The tradition of natural childbirth was continued by the training of nurses and midwives during the early years of Chinese socialism. Now, the one-child policy combines with the medicalization of childbirth – and the attendant profit motive – to tip the scales toward C-sections. She writes:

For modern expectant women, by contrast, the combination of the one-child policy and feverish economic development has yielded an environment in which they—and the in-laws and husbands who have so much riding on a single birth—fear any potential misstep.

In The Chronicle of Higher Education: Andrea Doucet on scholar-bloggers

As an established scholar who has taken to blogging, she confronts the difference between slow-and-deep versus fast-and-thin, how it affects her reading as well as her writing, and her self image as a scholar. She is “convinced that blogging can and should be part of scholarly life,” but it comes with risks:

At its best, a blog post can move and inspire in what seems like the blink of an eye. The combination of brevity, focused vision, and engaging language creates a storytelling style that could make a scholar green with envy. But blogs also generally call for a form of reading that verges on consumption.

On CNN.com: Kris Marsh on the Black middle class

Kris – a friend and colleague – argues that the Black middle class is being transformed by the growing presence of single adults without children, the “Love Jones Cohort.” Taking this group seriously undermines the narrative of the “failure” of marriage in Black America.

I propose we embrace the reality of a changing black middle class and start taking a serious look at how the Love Jones Cohort is changing the face of black America, changing how we think about middle class, and changing our understanding of being black in America.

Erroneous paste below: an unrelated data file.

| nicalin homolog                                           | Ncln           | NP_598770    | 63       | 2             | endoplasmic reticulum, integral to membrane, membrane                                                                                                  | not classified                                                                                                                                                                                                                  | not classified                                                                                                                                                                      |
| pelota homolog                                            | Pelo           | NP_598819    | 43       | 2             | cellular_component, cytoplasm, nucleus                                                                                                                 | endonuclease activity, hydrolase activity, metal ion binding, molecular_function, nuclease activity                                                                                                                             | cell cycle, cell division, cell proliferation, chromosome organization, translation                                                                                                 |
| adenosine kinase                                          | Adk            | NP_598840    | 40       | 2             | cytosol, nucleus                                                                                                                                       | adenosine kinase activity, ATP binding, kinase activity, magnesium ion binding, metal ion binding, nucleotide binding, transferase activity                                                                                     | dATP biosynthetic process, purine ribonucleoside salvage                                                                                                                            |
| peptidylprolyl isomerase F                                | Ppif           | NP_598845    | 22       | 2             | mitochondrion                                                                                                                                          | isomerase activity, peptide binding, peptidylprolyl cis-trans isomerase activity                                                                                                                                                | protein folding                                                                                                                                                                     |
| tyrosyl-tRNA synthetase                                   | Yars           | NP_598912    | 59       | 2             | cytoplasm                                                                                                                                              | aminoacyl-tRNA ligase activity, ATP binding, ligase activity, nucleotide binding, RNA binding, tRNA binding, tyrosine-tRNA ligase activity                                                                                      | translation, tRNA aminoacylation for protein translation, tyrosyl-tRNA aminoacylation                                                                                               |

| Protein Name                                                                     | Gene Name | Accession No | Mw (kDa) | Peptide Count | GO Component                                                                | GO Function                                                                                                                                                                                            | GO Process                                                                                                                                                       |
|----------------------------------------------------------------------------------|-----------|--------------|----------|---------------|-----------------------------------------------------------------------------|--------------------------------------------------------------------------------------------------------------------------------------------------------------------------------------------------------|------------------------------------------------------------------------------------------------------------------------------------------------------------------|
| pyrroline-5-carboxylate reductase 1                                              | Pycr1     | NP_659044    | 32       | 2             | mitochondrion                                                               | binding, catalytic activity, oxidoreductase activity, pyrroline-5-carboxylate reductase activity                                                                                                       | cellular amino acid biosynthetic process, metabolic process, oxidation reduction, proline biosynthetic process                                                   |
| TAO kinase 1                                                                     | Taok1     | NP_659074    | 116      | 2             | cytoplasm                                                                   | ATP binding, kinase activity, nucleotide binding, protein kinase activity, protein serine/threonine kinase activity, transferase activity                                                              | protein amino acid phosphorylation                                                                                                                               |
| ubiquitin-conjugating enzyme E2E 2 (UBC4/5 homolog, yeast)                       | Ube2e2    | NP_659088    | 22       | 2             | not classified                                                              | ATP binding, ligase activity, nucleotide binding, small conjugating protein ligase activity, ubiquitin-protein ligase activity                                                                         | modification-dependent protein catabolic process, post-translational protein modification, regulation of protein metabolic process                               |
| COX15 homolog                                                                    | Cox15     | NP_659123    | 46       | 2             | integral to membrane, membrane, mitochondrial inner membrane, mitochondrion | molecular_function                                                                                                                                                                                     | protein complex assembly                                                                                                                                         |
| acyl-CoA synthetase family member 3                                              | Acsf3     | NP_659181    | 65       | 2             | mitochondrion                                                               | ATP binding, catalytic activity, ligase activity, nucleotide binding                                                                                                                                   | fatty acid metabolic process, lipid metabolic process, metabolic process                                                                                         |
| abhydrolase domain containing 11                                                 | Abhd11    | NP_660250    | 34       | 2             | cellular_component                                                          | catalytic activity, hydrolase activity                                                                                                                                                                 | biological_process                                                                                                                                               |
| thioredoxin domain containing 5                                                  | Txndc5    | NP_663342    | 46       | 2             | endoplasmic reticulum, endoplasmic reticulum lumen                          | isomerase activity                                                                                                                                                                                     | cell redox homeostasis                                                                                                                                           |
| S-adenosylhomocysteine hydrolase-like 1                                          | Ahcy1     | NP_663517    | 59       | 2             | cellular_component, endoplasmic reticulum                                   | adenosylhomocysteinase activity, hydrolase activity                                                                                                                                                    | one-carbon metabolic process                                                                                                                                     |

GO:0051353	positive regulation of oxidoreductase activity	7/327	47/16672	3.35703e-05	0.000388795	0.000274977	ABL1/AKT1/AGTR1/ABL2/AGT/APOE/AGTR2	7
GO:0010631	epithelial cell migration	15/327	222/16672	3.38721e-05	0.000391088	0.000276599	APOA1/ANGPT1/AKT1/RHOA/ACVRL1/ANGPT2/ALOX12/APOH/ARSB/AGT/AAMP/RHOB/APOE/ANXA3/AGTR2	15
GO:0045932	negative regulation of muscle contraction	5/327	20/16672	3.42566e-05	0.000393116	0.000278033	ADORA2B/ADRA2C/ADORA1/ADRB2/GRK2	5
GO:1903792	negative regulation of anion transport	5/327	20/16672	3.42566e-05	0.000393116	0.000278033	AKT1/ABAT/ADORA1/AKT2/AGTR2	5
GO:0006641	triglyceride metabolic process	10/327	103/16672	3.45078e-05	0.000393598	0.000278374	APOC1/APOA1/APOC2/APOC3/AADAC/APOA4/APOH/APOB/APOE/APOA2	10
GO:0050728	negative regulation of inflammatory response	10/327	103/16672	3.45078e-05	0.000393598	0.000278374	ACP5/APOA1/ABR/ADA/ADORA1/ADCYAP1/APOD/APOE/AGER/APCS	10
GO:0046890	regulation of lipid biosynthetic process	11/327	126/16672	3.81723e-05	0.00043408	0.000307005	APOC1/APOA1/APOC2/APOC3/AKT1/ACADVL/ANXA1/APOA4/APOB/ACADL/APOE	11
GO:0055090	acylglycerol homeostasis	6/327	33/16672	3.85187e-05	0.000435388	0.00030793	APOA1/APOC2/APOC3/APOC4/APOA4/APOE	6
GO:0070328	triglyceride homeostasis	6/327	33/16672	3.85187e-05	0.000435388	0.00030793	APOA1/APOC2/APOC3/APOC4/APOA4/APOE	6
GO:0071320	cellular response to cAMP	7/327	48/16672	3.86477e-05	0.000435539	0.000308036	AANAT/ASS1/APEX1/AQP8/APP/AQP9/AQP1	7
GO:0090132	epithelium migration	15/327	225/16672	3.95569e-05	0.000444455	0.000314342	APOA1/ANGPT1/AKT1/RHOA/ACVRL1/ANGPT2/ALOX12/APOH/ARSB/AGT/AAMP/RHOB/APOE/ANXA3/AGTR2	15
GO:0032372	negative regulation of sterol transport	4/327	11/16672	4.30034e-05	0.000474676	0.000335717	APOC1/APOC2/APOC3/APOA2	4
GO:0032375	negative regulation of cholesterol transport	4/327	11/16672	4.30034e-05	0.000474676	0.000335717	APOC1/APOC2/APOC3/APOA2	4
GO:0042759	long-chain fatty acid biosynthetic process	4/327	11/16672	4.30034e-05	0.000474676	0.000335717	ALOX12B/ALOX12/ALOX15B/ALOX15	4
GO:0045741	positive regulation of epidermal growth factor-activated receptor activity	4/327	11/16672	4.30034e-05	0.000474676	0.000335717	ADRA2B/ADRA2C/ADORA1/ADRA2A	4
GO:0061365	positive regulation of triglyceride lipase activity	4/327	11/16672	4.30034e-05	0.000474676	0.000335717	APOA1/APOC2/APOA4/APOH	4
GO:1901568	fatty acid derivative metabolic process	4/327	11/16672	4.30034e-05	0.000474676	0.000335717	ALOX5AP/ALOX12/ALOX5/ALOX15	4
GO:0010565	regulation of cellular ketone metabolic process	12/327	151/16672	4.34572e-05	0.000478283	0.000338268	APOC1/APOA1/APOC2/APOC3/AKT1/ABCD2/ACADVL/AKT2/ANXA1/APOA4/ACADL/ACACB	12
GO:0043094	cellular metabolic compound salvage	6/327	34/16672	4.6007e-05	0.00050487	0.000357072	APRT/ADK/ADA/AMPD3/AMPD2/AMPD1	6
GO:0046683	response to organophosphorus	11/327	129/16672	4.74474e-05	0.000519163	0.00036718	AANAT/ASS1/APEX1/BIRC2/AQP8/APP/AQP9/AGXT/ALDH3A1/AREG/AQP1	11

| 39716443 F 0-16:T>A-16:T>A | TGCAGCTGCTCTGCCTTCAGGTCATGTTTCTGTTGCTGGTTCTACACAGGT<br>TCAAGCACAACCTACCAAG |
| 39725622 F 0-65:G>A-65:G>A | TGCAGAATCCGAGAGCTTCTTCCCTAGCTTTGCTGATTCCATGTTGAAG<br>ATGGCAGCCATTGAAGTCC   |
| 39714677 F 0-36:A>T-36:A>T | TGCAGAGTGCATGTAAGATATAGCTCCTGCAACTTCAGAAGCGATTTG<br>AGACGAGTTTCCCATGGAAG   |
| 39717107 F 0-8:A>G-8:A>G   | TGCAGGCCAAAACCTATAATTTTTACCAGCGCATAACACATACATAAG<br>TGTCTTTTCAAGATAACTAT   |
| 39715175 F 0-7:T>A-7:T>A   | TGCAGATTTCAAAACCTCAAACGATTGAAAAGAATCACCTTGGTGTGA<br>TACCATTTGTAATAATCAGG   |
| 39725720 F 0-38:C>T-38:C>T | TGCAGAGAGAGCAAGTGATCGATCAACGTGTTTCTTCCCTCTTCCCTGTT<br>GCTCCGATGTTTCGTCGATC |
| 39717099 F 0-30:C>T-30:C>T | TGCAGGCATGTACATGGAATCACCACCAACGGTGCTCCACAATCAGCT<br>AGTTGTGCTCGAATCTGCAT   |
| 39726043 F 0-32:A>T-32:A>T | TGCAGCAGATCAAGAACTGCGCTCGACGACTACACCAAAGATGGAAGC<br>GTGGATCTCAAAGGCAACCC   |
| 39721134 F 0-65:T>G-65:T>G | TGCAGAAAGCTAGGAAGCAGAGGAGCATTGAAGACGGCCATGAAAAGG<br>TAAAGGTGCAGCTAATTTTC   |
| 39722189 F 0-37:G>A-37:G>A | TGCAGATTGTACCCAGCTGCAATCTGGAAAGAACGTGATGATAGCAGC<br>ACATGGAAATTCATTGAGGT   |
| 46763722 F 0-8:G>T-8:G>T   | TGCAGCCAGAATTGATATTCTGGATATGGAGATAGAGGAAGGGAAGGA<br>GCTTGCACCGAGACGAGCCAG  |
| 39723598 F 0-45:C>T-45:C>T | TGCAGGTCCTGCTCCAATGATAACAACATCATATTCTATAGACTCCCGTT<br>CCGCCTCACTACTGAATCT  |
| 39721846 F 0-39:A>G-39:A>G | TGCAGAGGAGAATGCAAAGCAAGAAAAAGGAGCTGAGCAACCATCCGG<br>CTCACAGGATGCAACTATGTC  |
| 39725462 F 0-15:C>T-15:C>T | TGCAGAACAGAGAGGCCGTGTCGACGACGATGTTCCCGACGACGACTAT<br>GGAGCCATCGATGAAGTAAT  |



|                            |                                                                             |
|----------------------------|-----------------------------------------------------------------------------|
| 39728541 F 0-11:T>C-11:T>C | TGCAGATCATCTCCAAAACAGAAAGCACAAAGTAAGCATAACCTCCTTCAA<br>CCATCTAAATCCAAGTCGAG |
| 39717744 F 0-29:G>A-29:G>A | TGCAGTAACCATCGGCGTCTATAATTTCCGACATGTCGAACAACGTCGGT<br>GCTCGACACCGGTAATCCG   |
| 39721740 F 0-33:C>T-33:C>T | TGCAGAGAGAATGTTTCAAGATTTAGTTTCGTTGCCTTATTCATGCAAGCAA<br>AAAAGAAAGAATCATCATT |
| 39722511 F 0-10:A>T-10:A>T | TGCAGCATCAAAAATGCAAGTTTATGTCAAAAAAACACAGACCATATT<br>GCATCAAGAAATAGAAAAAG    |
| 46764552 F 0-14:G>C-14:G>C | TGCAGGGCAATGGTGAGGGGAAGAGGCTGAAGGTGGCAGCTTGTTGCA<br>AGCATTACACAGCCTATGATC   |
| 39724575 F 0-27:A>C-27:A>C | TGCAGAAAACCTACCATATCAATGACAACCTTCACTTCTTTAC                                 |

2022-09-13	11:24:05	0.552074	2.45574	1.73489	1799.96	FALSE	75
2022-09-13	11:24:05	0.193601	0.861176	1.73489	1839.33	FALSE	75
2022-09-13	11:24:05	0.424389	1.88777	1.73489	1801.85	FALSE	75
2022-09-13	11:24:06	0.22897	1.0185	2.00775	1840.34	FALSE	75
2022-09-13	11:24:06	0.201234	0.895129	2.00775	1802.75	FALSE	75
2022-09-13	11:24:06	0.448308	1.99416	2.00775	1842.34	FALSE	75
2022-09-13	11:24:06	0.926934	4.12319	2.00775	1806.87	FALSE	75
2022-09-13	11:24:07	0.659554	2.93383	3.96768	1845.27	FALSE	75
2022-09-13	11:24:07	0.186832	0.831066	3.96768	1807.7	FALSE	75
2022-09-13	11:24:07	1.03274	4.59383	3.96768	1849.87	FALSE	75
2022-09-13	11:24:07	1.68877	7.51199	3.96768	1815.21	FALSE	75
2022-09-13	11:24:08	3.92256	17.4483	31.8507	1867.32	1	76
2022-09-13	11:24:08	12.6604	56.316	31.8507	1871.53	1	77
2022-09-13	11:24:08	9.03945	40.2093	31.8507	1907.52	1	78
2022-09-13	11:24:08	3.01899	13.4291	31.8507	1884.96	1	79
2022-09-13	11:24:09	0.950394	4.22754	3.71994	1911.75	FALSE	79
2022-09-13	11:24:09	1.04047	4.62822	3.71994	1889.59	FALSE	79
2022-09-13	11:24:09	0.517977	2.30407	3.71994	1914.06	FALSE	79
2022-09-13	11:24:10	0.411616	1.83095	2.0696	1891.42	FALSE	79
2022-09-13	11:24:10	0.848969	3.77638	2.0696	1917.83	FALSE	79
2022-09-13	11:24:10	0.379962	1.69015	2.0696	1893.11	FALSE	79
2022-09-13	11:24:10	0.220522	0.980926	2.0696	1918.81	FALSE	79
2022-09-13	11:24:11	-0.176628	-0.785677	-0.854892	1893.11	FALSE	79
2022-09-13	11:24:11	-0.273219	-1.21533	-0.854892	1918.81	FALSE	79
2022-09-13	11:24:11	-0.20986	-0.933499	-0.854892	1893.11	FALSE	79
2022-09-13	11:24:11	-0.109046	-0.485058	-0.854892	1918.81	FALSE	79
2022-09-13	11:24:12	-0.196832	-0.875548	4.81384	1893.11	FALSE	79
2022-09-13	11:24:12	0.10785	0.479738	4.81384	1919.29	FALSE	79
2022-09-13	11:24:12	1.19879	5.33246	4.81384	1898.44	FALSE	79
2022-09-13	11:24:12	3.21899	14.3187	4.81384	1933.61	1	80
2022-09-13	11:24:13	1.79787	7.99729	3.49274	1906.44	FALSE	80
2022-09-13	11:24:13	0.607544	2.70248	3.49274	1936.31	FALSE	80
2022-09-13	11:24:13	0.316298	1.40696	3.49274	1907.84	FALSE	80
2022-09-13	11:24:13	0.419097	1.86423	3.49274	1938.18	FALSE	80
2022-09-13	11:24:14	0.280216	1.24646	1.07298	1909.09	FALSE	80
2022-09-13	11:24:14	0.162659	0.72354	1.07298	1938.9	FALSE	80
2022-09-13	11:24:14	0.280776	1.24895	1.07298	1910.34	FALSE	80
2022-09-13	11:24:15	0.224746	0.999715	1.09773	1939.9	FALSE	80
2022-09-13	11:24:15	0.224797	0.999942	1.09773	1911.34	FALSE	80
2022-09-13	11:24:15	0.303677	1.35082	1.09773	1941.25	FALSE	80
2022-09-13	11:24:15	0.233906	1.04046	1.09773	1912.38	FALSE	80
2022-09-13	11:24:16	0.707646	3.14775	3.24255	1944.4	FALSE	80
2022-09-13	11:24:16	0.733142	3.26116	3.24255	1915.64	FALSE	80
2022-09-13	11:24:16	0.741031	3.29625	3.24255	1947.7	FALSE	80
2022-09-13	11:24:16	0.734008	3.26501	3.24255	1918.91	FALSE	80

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Smurfette? How do they get away with this stuff?

Buy a McDonald’s Happy Meal and get a toy: OK, I didn’t expect it to be enlightening.

But to hear Kevin Newell, the company’s executive vice president and global chief brand officer, tell it, that’s exactly what it should be:

McDonald’s is committed to playing a positive role in children’s well-being. The Smurfs Happy Meal program delivers great quality food choices, fun toys and engaging digital content that reinforces important environmental messages.

Awesome. Granted, the last time I saw a Smurf, it was about 1978, and he looked like this:

And I don’t recall being overly concerned with gendered toy representations at the time. Anyway, now I’m told by the Happy Meal box that, “Smurfs are named after their individual talents: there’s Farmer, Painter and Baker… Know your talent and find your Smurf name!”

The girls both got male Smurf characters, which struck me as interesting, because the counter person had asked us if the Meals were for boys or girls. Then I looked at the characters on the box. Then I looked at the complete list of them on the website (see the poster version here):

Then I wondered what Smurfette’s “individual talent” was that got her — the only female Smurf — named “Smurfette.” And at that point, if it hadn’t been for all the fat and salt and sugar in my meal, I might have stopped enjoying it.

In context

I’ve commented before on the gender segregation in film making. The gist of it is apparent in this graph from the Celluloid Ceiling report by the Center for the Study of Women in Television and Film. Not many women in charge:

But isn’t it improbable that a blockbuster kids’ movie, which grossed more than $75 million in its first two weeks, could be so blatantly sexist? There are a few women in the cast of the movie version of The Smurfs, but all the Smurfs are still male except Smurfette. Next thing you know they’re going to turn the only female character in this promotion — which, remember, plays a “positive role in children’s well-being” — into an adult sex symbol played by Katy Perry. You’re kidding.

Is sexist even a word anymore?

In fact, sexism used to be a very common word. According to the Google Ngrams database of millions of terms from their vast collection of digitized books in American English, “sexism” was even more common than “bacon” during the 1990s (you can play with this yourself here):

Unfortunately, in my opinion, sexism has retreated from the language, and kids’ stuff seems to be more shamelessly gendered than ever. I think this sad state of affairs is at least partly the result of what you see in that green line above — the backlash against feminism (and anti-racism) that made it seem more unpleasant or unwarranted to make a “big deal” out of sexism than to treat girls like this.

P.S. I haven’t seen the movie. Please tell me it has a hidden feminist message I haven’t heard about.